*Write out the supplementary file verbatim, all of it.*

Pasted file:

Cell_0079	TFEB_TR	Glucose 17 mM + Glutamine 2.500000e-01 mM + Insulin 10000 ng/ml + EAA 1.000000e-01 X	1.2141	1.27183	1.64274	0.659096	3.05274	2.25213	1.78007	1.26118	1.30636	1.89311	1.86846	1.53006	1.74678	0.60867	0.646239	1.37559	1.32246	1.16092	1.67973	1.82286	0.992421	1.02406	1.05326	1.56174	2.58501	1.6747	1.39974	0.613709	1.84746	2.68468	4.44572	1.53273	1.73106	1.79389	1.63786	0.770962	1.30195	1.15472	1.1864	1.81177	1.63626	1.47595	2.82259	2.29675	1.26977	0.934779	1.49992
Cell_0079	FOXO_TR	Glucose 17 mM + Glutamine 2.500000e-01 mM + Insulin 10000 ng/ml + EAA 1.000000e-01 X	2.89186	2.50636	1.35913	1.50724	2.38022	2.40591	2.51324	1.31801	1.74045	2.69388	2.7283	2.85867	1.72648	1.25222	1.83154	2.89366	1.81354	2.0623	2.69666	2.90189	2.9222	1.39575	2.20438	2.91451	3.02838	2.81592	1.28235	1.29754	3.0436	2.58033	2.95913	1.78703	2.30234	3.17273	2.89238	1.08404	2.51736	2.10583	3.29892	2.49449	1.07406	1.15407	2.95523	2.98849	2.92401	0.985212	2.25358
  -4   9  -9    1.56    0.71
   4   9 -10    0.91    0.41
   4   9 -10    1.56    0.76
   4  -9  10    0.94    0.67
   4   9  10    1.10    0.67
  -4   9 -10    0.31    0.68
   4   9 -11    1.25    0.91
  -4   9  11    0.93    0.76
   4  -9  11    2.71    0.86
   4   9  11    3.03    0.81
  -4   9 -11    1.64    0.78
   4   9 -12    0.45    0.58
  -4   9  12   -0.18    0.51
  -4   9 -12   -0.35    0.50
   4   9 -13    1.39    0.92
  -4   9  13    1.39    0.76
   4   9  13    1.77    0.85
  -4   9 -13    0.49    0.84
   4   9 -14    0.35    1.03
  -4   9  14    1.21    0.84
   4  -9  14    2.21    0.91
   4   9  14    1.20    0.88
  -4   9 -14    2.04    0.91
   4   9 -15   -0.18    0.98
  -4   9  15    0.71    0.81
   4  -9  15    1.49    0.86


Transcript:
Cell_0079	TFEB_TR	Glucose 17 mM + Glutamine 2.500000e-01 mM + Insulin 10000 ng/ml + EAA 1.000000e-01 X	1.2141	1.27183	1.64274	0.659096	3.05274	2.25213	1.78007	1.26118	1.30636	1.89311	1.86846	1.53006	1.74678	0.60867	0.646239	1.37559	1.32246	1.16092	1.67973	1.82286	0.992421	1.02406	1.05326	1.56174	2.58501	1.6747	1.39974	0.613709	1.84746	2.68468	4.44572	1.53273	1.73106	1.79389	1.63786	0.770962	1.30195	1.15472	1.1864	1.81177	1.63626	1.47595	2.82259	2.29675	1.26977	0.934779	1.49992
Cell_0079	FOXO_TR	Glucose 17 mM + Glutamine 2.500000e-01 mM + Insulin 10000 ng/ml + EAA 1.000000e-01 X	2.89186	2.50636	1.35913	1.50724	2.38022	2.40591	2.51324	1.31801	1.74045	2.69388	2.7283	2.85867	1.72648	1.25222	1.83154	2.89366	1.81354	2.0623	2.69666	2.90189	2.9222	1.39575	2.20438	2.91451	3.02838	2.81592	1.28235	1.29754	3.0436	2.58033	2.95913	1.78703	2.30234	3.17273	2.89238	1.08404	2.51736	2.10583	3.29892	2.49449	1.07406	1.15407	2.95523	2.98849	2.92401	0.985212	2.25358
  -4   9  -9    1.56    0.71
   4   9 -10    0.91    0.41
   4   9 -10    1.56    0.76
   4  -9  10    0.94    0.67
   4   9  10    1.10    0.67
  -4   9 -10    0.31    0.68
   4   9 -11    1.25    0.91
  -4   9  11    0.93    0.76
   4  -9  11    2.71    0.86
   4   9  11    3.03    0.81
  -4   9 -11    1.64    0.78
   4   9 -12    0.45    0.58
  -4   9  12   -0.18    0.51
  -4   9 -12   -0.35    0.50
   4   9 -13    1.39    0.92
  -4   9  13    1.39    0.76
   4   9  13    1.77    0.85
  -4   9 -13    0.49    0.84
   4   9 -14    0.35    1.03
  -4   9  14    1.21    0.84
   4  -9  14    2.21    0.91
   4   9  14    1.20    0.88
  -4   9 -14    2.04    0.91
   4   9 -15   -0.18    0.98
  -4   9  15    0.71    0.81
   4  -9  15    1.49    0.86